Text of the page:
though he wrote out of the African American
experience, Ellington's music was received around
the world as the proliferation of jazz groups
and societies such as Japan's Far East Ellington
Lovers (FEEL) Jazz Orchestra
attest. Taken as a whole, Ellington's musical
contribution was "beyond category"
since he "converted the actual texture
of American life into first-rate, universally
appealing music," as literary scholar Albert
Murray observed. Edward Kennedy Ellington died
in New York City on May 24, 1974. Several
of the biographical and critical works
published since his death are listed in the
bibliography at the end of this web page. Budding
scholars who want to assess his works for themselves
are encouraged to visit the Smithsonian Institution which houses the Duke
Ellington Collection of manuscripts and memorabilia.
Ellington, Duke. "The Composer on His Work" Christian Science Monitor, 10 June 1968; reprint, 25 November 1998, Anniversary supplement, p13.
"Ellington, Duke" Encyclopędia Britannica Online 9 March 1999 http://www.eb.com:180/bol/topic?eu=33004&sctn=1
Jazz Facts from the New York Times http://www.j51.com/~jayl/jazz/jazzfacts.html
Spotlight Biography: Jazz & Blues http://educate.si.edu/spotlight/blues.html
ARTIFACTS, MEMORABILIA, MANUSCRIPTS
BIOGRAPHICAL OVERVIEWS: THE MAN AND HIS FAMILY
THE MUSICIAN AND THE MUSIC
LINKS TO OTHER WEBSITES
FRIENDS, FANS AND SCHOOL ASSOCIATIONS
BOOKS AND ARTICLES: BIOGRAPHICAL AND CRITICAL WORKS
- Anderson, Paul A. "Ellington, Rap Music, and Cultural Differenc." The Musical Quarterly 79 (Spring 1995): 172-206.
- Clark, Robert S. "Music Chronicle." The Hudson Review 42 (Spring 1989): 101-107.
- Collier, James Lincoln. Duke Ellington. New York: Oxford University, 1987.
- Dance, Stanley. The World of Duke Ellington. New York: C. Scribner's Sons, 1970.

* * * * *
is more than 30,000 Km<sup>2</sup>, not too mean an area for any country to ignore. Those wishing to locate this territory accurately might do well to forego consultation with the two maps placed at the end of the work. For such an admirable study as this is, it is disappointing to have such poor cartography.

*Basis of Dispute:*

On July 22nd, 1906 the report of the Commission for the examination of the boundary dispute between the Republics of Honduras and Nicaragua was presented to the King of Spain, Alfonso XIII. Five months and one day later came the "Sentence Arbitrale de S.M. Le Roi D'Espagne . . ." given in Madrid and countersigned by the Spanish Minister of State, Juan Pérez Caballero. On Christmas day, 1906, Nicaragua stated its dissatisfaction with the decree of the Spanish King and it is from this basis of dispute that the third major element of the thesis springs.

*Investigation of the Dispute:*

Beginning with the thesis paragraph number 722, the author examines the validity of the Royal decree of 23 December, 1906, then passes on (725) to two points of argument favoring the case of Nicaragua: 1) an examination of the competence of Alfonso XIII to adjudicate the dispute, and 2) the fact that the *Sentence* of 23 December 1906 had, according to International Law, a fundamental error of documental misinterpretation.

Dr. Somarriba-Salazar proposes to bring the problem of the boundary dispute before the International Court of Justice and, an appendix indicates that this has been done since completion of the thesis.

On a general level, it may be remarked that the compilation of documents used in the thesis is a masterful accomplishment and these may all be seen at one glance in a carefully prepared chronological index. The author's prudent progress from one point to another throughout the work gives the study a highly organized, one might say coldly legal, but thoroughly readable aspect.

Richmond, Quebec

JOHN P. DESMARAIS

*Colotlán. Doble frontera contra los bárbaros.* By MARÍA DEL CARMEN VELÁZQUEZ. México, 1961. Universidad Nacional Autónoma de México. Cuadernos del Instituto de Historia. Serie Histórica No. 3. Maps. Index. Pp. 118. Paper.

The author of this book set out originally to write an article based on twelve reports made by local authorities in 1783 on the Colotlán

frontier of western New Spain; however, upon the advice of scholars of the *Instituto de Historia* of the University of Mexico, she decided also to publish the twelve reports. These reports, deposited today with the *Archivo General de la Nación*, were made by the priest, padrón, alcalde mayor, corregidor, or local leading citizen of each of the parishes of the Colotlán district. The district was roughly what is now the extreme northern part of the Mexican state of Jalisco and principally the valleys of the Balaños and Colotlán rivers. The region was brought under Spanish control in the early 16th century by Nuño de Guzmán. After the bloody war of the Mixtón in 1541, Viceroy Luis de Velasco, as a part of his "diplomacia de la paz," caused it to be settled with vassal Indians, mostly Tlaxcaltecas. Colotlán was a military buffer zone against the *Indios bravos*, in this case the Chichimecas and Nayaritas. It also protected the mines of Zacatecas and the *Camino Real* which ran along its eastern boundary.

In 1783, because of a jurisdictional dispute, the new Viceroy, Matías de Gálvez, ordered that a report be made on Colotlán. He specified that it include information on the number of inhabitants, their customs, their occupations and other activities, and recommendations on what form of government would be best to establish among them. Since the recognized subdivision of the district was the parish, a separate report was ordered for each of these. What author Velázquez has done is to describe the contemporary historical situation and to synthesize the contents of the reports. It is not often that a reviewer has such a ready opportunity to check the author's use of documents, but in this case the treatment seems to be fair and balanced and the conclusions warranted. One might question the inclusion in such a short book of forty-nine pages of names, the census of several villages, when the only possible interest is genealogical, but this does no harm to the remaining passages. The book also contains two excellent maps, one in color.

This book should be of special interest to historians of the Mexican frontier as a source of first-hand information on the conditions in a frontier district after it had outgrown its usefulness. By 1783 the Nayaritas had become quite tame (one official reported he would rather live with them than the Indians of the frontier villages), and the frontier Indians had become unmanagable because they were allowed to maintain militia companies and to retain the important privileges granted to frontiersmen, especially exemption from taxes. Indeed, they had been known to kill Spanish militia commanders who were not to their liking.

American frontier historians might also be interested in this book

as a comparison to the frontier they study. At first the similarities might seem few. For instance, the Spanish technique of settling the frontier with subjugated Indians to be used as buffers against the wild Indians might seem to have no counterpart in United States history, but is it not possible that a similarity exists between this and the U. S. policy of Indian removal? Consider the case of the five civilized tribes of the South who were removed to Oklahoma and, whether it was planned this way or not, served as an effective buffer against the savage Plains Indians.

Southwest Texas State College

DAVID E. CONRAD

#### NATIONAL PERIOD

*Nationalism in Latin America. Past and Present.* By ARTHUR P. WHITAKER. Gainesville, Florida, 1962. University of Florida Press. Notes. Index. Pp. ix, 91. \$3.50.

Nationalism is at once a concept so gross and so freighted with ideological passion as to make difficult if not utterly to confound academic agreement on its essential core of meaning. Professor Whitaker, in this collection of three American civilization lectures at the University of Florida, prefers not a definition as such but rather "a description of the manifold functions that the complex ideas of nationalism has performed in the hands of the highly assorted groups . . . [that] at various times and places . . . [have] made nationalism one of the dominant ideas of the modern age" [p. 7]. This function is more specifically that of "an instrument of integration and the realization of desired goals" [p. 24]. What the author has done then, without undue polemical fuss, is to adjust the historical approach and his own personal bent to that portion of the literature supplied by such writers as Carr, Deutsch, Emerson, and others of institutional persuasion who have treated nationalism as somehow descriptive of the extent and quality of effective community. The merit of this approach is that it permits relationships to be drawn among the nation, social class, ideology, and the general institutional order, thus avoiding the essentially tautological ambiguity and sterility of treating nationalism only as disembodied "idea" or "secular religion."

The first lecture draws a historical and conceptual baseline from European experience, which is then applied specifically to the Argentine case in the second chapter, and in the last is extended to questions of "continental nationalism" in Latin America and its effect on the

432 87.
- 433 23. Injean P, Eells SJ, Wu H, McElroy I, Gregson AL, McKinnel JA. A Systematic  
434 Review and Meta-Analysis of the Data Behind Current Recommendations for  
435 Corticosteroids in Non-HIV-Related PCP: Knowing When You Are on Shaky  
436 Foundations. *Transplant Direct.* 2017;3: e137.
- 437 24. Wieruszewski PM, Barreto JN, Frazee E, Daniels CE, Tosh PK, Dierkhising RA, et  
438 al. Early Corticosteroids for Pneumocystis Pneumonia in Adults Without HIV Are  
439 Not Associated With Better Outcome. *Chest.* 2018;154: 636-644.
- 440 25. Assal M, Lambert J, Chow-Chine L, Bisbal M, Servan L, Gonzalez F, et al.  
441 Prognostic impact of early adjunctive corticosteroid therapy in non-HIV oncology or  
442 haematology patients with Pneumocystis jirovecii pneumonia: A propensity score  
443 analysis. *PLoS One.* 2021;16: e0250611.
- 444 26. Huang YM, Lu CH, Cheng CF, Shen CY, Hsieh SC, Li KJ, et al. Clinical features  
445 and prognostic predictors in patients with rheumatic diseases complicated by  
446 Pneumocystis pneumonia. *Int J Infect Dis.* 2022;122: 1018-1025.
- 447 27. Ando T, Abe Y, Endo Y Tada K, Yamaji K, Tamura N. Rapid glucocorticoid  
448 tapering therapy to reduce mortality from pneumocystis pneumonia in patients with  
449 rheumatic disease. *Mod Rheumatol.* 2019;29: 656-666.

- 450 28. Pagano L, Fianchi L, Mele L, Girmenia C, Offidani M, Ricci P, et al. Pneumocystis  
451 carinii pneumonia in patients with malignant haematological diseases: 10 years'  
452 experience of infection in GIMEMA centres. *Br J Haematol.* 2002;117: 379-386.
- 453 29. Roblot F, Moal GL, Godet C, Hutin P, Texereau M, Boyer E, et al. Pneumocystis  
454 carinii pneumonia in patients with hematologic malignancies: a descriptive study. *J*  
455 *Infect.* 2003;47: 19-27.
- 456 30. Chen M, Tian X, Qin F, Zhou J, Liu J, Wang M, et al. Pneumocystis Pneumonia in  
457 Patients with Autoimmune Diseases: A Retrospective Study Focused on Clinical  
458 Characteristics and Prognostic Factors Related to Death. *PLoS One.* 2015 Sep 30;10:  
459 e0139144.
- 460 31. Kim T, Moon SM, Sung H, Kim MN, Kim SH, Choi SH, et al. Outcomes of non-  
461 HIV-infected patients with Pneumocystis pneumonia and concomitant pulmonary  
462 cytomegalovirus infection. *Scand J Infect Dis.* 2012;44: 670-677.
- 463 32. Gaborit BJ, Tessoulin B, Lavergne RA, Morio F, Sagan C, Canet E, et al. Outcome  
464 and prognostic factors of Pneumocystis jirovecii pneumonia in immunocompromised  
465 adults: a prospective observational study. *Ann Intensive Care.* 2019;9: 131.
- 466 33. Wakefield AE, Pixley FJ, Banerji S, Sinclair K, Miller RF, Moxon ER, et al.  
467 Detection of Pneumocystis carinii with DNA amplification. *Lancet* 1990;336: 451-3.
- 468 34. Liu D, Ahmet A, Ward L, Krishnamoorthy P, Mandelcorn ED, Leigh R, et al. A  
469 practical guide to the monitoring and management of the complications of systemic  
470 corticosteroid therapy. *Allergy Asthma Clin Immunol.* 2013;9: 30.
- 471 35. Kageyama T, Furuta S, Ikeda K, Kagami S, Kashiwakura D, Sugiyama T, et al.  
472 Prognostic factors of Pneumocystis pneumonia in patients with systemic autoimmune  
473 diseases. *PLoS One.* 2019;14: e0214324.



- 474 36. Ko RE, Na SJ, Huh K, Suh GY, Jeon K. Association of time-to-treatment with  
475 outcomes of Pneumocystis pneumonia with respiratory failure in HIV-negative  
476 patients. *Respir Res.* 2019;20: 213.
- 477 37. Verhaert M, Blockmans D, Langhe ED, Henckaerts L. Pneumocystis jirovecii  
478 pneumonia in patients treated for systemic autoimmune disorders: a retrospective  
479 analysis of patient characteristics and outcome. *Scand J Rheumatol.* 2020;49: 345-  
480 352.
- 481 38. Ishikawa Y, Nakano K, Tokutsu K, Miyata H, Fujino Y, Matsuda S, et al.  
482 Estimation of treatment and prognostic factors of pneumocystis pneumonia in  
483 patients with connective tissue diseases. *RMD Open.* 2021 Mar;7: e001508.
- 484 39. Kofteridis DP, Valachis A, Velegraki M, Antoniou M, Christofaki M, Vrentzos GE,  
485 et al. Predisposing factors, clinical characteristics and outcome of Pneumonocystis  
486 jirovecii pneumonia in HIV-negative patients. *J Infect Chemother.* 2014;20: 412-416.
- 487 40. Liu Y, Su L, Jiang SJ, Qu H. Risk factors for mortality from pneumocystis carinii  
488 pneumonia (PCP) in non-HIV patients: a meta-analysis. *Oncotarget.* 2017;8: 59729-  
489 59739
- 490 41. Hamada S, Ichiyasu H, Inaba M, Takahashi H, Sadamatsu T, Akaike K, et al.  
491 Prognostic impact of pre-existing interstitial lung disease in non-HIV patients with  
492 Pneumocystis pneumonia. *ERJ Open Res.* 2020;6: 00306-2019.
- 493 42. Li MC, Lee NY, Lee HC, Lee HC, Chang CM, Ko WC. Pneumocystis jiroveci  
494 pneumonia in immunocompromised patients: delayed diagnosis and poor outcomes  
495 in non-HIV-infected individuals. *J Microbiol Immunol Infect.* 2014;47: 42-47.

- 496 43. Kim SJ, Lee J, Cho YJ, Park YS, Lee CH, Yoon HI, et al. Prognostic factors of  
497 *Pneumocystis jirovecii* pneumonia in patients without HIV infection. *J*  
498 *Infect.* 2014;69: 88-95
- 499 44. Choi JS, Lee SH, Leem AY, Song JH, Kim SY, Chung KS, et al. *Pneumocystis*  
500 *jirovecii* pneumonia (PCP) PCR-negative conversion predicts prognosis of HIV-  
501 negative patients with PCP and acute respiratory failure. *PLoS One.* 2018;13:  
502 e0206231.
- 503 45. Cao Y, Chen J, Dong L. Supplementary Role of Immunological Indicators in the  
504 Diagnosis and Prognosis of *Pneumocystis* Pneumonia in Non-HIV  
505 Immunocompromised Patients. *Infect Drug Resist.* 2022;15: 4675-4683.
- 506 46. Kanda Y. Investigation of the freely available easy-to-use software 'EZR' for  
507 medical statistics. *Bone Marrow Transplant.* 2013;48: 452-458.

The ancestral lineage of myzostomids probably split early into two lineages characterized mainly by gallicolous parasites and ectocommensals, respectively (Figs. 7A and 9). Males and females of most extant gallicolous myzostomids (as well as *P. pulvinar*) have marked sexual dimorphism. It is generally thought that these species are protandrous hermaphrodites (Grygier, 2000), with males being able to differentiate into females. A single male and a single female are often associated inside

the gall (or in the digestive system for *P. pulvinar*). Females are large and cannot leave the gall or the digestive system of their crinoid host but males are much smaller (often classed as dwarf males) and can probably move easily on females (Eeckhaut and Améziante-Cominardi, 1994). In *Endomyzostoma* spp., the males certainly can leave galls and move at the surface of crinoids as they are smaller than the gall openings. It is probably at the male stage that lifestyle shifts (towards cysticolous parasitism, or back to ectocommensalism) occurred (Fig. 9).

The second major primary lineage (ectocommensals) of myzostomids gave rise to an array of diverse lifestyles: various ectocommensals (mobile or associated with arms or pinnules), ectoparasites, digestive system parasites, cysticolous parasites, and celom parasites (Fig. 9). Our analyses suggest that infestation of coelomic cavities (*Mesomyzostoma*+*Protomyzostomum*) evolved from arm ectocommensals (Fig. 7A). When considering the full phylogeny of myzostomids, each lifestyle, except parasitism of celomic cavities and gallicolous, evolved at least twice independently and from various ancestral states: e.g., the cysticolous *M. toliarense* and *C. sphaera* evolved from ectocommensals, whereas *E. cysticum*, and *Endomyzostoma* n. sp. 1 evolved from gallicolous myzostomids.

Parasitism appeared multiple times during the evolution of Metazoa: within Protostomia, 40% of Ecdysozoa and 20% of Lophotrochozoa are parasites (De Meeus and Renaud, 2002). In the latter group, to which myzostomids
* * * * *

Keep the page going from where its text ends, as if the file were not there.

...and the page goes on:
- Ellington, Mercer and Stanley Dance. Duke Ellington in Person: an Intimate Memoir. Boston: Houghton Mifflin, 1978.
- Hasse, John Edward. Beyond Category: The Life and Genius of Duke Ellington. New York: Simon & Schuster, 1993.
- Hudson, Theodore R. "Duke Ellington's Literary Sources." American Music 9 (Spring 1991): 20-42.
- Jewell, Derek. Duke: A Portrait of Duke Ellington. New York: Norton, 1977, reissued 1986.
- Marsalis, Wynton. "Ellington At 100: Reveling in Life's Majesty." New York Times 17 January 1999, section 2, p.1.
- Metzer, David. "Shadow Play: the Spiritual in Duke Ellington's 'Black and Tan Fantasy.'" Black Music Research Journal 17 (Fall 1997): 137-58.
- Murray, Albert." The Vernacular Imperative: Duke Ellington's Place in the National Pantheon." Boundary 2 22 (Summer 1995):19-24.
- Rattenbury, Ken. Duke Ellington, Jazz Composer. New Haven: Yale University Press, 1990.
- Teachout, Terry. "(Over)praising Duke Ellington." Commentary 102 (Spring 1996): 74-77.
- Tucker, Mark, ed. The Duke Ellington Reader. New York: Oxford University Press, 1993.
- ___________. Ellington: The Early Years. Urbana: University of Illinois Press, 1991.
- Watrous, Peter and Mark Tucker. "Ellington Emerges, Falters and Triumphs." New York Times 17 January 1999, section 2, p.32.
McLaughlin Wright with assistance of Steven